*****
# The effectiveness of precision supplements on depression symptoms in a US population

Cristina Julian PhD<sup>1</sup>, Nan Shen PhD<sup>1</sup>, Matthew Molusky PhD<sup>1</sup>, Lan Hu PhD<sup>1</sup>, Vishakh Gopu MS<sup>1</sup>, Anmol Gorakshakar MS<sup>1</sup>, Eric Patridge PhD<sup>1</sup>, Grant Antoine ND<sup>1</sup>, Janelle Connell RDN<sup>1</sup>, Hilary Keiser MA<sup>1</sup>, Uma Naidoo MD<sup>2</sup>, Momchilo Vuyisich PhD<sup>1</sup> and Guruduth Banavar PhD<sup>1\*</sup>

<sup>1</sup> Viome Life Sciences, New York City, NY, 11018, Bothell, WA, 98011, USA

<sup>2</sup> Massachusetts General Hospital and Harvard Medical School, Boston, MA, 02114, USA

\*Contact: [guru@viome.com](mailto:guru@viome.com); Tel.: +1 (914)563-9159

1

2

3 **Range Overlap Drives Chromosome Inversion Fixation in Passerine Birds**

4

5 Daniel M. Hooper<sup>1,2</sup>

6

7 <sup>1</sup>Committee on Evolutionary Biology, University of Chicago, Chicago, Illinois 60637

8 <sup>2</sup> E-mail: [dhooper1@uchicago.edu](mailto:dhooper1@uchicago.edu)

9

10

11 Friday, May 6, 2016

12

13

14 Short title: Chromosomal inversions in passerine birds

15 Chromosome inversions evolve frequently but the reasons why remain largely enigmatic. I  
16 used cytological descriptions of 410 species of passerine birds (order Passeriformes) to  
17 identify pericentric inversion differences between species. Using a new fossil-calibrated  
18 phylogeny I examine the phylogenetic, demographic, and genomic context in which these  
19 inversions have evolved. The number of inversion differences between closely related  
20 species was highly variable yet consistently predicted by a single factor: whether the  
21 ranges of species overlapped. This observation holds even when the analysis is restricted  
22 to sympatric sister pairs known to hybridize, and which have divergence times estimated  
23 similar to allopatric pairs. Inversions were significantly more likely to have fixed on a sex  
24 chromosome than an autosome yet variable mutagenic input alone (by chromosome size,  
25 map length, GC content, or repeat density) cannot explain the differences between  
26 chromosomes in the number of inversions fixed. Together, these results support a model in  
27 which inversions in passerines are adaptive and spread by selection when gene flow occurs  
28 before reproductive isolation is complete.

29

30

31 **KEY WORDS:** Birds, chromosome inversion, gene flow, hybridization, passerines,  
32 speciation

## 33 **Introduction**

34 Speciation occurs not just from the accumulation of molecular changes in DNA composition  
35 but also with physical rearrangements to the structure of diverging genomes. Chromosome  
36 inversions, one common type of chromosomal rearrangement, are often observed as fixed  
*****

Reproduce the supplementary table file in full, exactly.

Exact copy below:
# The effectiveness of precision supplements on depression symptoms in a US population

Cristina Julian PhD<sup>1</sup>, Nan Shen PhD<sup>1</sup>, Matthew Molusky PhD<sup>1</sup>, Lan Hu PhD<sup>1</sup>, Vishakh Gopu MS<sup>1</sup>, Anmol Gorakshakar MS<sup>1</sup>, Eric Patridge PhD<sup>1</sup>, Grant Antoine ND<sup>1</sup>, Janelle Connell RDN<sup>1</sup>, Hilary Keiser MA<sup>1</sup>, Uma Naidoo MD<sup>2</sup>, Momchilo Vuyisich PhD<sup>1</sup> and Guruduth Banavar PhD<sup>1\*</sup>

<sup>1</sup> Viome Life Sciences, New York City, NY, 11018, Bothell, WA, 98011, USA

<sup>2</sup> Massachusetts General Hospital and Harvard Medical School, Boston, MA, 02114, USA

\*Contact: [guru@viome.com](mailto:guru@viome.com); Tel.: +1 (914)563-9159

1

2

3 **Range Overlap Drives Chromosome Inversion Fixation in Passerine Birds**

4

5 Daniel M. Hooper<sup>1,2</sup>

6

7 <sup>1</sup>Committee on Evolutionary Biology, University of Chicago, Chicago, Illinois 60637

8 <sup>2</sup> E-mail: [dhooper1@uchicago.edu](mailto:dhooper1@uchicago.edu)

9

10

11 Friday, May 6, 2016

12

13

14 Short title: Chromosomal inversions in passerine birds

15 Chromosome inversions evolve frequently but the reasons why remain largely enigmatic. I  
16 used cytological descriptions of 410 species of passerine birds (order Passeriformes) to  
17 identify pericentric inversion differences between species. Using a new fossil-calibrated  
18 phylogeny I examine the phylogenetic, demographic, and genomic context in which these  
19 inversions have evolved. The number of inversion differences between closely related  
20 species was highly variable yet consistently predicted by a single factor: whether the  
21 ranges of species overlapped. This observation holds even when the analysis is restricted  
22 to sympatric sister pairs known to hybridize, and which have divergence times estimated  
23 similar to allopatric pairs. Inversions were significantly more likely to have fixed on a sex  
24 chromosome than an autosome yet variable mutagenic input alone (by chromosome size,  
25 map length, GC content, or repeat density) cannot explain the differences between  
26 chromosomes in the number of inversions fixed. Together, these results support a model in  
27 which inversions in passerines are adaptive and spread by selection when gene flow occurs  
28 before reproductive isolation is complete.

29

30

31 **KEY WORDS:** Birds, chromosome inversion, gene flow, hybridization, passerines,  
32 speciation

## 33 **Introduction**

34 Speciation occurs not just from the accumulation of molecular changes in DNA composition  
35 but also with physical rearrangements to the structure of diverging genomes. Chromosome  
36 inversions, one common type of chromosomal rearrangement, are often observed as fixed  